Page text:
Hyundai i30 used car review
RACV rates the popular 2012-17 second-hand Hyundai i30.
A new Hyundai i30 came out in mid-2017, leaving the previous model as an attractive proposition on the used car market.
The popularity of this small/medium five-door hatchback means there is plenty of choice, and thanks to Hyundai’s five-year/unlimited-kilometre warranty, many used Hyundai i30 cars will still have a portion of that cover left.
Used Hyundai i30 prices
- Hyundai i30 Active-p (2012-17): $12,200-$21,500
- Hyundai i30 Active-d (2012-17): $13,500-$23,900
- Hyundai i30 Act. wagon-p (2013-16): $17,600-$22,500
- Hyundai i30 Elite 5dr-p (2012-15): $14,100-$20,400
- Hyundai i30 Premium-p (2012-17): $15,800-$30,400
- Hyundai i30 Premium-d (2012-17): $17,200-$31,900
- Hyundai i30 SR-p (2013-17): $20,000-$26,100
Approximate Glass’s Guide prices for automatic models.
Second-hand Hyundai i30 cars
This second-generation (May 2012 to May 2017) Korean-built car shed the Hyundai i30’s ‘cheap and cheerful’ tag to earn a reputation for being reliable, well-equipped and good value. It’s particularly easy to drive and to live with on a daily basis, and it’s roomy for a car of its size.
The base-model Hyundai i30 Active is by far the most common version available on the used-car market, and higher-grade models such as Hyundai i30 SE and Premium get you a few more features. Equipment levels improved substantially from late 2013 and got better each year.
While the 1.6-litre turbo-diesel engine delivers an excellent balance of performance and economy, the 1.8-litre direct-injection petrol version has been far more popular, particularly those coupled with the smooth-changing six-speed automatic transmission rather than the six-speed manual. Well-chosen gearing in the auto complements the petrol engine’s flexible performance, making it a good all-rounder for city driving or highway cruising.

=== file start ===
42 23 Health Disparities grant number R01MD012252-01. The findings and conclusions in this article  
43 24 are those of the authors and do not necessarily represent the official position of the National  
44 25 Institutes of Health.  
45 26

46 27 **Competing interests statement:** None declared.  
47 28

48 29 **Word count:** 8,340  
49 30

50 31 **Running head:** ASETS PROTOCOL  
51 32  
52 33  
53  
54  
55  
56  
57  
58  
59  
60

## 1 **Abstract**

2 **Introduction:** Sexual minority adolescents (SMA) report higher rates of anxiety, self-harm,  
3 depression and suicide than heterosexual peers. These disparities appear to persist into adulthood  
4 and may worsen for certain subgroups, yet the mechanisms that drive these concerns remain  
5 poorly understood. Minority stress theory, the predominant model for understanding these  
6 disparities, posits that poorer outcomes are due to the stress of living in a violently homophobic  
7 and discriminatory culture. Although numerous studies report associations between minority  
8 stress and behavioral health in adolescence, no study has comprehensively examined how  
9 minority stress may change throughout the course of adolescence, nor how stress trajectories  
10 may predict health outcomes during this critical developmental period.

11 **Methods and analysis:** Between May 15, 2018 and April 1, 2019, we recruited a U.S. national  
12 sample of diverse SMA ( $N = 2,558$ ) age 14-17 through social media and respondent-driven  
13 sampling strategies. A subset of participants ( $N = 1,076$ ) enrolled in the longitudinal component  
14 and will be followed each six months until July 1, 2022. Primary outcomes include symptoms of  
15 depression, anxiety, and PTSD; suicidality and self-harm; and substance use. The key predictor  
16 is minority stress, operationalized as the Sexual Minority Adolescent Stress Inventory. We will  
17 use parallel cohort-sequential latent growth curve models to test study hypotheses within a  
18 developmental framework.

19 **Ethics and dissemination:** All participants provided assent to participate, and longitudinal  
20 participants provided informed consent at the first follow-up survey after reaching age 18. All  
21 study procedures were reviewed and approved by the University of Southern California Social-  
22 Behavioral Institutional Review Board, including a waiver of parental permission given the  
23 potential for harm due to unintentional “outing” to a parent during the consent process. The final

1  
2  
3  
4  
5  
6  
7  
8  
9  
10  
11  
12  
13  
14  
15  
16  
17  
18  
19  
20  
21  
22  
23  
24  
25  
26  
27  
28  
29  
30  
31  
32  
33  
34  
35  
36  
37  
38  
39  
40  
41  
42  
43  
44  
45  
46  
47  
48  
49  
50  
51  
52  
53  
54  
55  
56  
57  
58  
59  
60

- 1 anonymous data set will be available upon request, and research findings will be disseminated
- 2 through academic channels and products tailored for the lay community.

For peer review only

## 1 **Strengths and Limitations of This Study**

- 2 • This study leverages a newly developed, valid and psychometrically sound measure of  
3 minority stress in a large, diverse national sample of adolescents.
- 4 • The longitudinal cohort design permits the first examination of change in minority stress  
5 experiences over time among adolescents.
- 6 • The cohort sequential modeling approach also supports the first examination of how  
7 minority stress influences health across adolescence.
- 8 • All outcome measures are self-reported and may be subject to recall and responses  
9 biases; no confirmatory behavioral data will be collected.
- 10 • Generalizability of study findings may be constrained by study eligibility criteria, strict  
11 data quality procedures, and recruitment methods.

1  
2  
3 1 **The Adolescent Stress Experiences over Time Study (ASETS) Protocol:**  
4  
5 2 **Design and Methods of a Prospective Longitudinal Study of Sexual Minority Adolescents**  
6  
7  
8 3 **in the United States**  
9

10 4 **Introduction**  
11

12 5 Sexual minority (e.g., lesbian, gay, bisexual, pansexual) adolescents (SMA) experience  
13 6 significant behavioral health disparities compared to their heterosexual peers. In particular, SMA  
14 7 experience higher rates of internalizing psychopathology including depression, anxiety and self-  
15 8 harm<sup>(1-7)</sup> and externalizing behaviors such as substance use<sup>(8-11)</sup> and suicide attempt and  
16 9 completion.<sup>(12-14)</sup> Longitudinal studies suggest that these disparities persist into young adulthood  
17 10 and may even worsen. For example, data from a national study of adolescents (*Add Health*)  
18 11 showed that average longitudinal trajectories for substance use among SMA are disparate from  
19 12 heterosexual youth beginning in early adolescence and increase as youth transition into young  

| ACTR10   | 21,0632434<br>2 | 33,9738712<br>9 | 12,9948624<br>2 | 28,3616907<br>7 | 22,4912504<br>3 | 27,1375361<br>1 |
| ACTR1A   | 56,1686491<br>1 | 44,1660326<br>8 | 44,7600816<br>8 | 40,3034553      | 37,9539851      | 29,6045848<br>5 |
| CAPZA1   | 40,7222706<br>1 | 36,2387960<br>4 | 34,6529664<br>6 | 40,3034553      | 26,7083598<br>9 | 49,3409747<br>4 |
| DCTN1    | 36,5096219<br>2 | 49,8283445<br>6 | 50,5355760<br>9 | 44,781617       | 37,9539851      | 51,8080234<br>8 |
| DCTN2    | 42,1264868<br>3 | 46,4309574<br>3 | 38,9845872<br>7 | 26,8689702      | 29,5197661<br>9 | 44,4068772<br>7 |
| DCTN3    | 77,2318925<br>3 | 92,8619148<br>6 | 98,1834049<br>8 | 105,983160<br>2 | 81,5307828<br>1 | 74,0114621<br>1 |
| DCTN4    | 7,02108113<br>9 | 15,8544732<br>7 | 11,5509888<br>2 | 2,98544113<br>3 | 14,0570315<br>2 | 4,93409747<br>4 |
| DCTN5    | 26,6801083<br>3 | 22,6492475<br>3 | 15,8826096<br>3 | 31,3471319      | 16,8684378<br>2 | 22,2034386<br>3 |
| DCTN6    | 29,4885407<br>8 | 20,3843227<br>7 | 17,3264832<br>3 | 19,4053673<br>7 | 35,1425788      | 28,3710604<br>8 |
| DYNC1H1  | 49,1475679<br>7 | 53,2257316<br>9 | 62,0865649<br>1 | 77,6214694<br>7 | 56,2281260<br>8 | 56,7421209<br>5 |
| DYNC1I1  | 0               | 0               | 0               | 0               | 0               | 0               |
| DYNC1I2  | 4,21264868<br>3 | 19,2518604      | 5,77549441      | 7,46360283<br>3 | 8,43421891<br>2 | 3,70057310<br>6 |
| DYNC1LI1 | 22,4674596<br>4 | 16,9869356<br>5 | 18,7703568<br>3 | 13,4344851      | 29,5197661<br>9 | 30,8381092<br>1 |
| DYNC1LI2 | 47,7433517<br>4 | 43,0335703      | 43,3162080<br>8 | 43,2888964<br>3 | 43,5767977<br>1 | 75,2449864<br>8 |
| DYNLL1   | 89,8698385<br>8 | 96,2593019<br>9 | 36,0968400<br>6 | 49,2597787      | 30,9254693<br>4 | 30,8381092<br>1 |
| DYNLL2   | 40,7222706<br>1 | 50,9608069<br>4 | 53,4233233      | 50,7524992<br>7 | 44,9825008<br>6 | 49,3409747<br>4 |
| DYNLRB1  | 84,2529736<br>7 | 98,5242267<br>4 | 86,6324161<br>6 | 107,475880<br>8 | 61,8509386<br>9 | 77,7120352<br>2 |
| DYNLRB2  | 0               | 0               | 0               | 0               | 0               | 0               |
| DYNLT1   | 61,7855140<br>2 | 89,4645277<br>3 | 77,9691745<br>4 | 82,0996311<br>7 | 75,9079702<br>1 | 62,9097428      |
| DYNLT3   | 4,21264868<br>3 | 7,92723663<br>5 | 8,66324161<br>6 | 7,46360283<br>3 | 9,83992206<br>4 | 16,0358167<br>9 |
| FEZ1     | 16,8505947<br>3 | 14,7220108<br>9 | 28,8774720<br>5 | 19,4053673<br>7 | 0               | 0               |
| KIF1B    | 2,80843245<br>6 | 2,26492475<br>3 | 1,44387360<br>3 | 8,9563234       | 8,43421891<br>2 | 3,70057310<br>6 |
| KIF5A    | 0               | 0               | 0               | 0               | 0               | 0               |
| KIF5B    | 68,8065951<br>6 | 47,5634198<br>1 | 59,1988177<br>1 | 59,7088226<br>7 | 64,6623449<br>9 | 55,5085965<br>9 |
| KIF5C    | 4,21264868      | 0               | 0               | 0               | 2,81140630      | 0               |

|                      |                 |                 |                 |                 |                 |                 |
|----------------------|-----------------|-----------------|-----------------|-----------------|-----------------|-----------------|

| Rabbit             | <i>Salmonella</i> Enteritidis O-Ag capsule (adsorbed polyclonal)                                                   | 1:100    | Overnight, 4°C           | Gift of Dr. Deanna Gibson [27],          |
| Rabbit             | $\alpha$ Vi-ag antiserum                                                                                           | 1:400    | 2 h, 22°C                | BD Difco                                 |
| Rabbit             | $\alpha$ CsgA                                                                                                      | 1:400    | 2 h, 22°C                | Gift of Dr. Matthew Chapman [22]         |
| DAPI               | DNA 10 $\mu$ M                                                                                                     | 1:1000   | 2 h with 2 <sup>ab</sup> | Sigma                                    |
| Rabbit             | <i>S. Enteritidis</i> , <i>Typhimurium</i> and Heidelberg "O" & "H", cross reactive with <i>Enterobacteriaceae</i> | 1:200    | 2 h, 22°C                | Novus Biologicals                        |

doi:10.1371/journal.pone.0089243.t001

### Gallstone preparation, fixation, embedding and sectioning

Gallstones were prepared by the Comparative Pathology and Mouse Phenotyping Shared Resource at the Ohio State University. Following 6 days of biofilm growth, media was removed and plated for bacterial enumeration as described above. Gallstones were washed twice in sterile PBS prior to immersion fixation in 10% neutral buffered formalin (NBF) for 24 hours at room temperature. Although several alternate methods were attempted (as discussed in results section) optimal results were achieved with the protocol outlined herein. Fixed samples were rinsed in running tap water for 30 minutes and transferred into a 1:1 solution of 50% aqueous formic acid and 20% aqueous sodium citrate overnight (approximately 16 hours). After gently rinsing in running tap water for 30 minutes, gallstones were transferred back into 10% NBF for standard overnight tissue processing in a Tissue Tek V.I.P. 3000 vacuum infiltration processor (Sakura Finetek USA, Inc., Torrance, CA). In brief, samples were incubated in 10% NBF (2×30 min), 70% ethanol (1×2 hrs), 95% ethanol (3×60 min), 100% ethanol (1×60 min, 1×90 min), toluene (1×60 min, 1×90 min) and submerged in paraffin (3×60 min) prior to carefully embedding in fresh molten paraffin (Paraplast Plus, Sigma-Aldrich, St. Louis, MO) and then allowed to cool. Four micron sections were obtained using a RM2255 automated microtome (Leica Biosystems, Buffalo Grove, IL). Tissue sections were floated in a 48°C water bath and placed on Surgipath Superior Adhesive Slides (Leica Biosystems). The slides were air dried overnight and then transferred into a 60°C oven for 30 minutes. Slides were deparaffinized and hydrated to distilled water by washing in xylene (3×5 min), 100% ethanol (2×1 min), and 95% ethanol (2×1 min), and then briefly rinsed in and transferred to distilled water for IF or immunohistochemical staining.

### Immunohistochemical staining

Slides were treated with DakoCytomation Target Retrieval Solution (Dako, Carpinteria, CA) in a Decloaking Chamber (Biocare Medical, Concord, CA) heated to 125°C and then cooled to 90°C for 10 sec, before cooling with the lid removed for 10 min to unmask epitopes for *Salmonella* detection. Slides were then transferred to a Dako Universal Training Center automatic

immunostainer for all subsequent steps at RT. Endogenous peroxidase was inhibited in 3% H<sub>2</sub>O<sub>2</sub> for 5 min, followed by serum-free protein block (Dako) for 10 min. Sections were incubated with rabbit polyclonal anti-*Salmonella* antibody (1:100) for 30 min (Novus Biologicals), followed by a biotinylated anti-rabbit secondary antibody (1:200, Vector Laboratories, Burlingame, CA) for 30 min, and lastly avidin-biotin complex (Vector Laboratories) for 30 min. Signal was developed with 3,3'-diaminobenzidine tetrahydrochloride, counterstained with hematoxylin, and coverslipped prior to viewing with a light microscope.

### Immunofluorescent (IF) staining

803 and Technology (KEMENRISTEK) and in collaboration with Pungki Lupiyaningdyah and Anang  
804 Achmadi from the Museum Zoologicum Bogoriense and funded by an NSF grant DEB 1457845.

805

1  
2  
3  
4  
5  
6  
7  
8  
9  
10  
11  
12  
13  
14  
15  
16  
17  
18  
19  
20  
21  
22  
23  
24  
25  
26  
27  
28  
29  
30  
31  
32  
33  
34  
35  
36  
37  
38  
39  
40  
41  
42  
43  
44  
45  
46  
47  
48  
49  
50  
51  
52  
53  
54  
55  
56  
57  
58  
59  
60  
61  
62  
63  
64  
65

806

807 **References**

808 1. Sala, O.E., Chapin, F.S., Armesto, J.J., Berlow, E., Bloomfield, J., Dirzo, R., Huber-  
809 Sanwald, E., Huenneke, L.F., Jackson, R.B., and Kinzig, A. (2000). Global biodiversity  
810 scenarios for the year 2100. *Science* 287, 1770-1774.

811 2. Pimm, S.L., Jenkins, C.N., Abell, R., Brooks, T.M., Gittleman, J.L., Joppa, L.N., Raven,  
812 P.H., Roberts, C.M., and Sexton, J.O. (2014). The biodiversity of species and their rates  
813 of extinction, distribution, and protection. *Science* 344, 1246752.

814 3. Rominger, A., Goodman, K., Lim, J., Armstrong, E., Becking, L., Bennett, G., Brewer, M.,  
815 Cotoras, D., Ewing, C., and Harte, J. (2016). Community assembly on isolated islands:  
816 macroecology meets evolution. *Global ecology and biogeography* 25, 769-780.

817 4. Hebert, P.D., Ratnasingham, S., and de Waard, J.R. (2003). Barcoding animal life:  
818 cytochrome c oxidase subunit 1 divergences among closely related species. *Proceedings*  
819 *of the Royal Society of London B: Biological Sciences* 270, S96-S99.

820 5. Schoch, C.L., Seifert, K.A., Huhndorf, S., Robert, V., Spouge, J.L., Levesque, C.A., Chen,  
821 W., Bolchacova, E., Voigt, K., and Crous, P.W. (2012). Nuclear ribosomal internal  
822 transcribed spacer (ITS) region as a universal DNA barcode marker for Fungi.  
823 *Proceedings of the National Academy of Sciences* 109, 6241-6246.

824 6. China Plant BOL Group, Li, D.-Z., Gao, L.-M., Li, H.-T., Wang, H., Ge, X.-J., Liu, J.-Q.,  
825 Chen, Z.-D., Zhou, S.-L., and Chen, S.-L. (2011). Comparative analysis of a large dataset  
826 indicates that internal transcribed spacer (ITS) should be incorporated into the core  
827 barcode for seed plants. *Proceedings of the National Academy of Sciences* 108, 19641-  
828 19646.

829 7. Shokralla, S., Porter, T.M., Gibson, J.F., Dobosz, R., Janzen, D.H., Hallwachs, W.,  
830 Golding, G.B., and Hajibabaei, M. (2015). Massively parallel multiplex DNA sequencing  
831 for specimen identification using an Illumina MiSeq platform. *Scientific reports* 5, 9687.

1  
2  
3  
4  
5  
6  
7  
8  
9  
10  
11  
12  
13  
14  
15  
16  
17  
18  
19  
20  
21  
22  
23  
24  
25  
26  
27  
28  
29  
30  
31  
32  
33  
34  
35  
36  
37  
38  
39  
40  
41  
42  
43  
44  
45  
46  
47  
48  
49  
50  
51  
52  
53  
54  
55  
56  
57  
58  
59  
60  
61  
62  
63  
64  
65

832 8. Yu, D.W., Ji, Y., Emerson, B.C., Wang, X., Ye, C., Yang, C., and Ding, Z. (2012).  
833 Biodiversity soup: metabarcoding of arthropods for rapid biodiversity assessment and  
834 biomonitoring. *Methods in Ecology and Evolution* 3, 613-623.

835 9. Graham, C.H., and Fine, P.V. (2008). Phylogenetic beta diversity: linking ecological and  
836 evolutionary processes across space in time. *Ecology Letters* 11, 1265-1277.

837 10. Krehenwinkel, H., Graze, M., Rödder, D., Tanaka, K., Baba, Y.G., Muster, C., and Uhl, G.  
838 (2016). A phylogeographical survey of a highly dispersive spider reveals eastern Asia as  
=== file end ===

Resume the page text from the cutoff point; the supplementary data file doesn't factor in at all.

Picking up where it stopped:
For those wanting stronger performance, there is a 2.0-litre petrol engine in the SR and SR Premium models. The Hyundai i30 also has a small station wagon version but there are not many advertised on the used-car market.
Rounding out the package, the i30’s running and repair costs are among the best in class.
Hyundai i30 common problems
When looking at a used Hyundai i30 for sale, make sure service records are up to date, as this not only shows the car has been looked after but will help if you need to make a warranty claim. The most common problems RACV vehicle inspectors find are due to a lack of proper maintenance plus normal wear items such as tyres, brake pads and an occasional minor oil leak.
Check the operation of all accessories, including the navigation and audio systems. Poor radio reception is probably the most common complaint we hear, and the audio system is only covered by a three-year warranty.
Also, check the car’s history as the warranty on vehicles used commercially, including those that started out as rental cars, is still five years but the distance travelled is capped at 150,000 kilometres.
The Hyundai i30’s build quality is generally good and the interior is neatly trimmed but the plastics tend to mark and scratch easily. Look closely at the trim leather, particularly on the steering wheel, as it can become shabby.
Like any model, you can find the occasional horror story, but generally the owners we spoke to were very satisfied with their cars.
- These comments are from RACV’s experienced team of vehicle testers. Check out the full range of RoyalAuto car reviews, news and other motoring information at royalauto.com.au.
Hyundai i30 specs
For the 1.8-litre petrol automatic, expect 7.5-9.0L/100km.
All second-generation models (May 2012 to May 2017) have a five-star ANCAP rating.
Maximum capacity with a braked trailer is 1300kg but with only a 75kg ball load.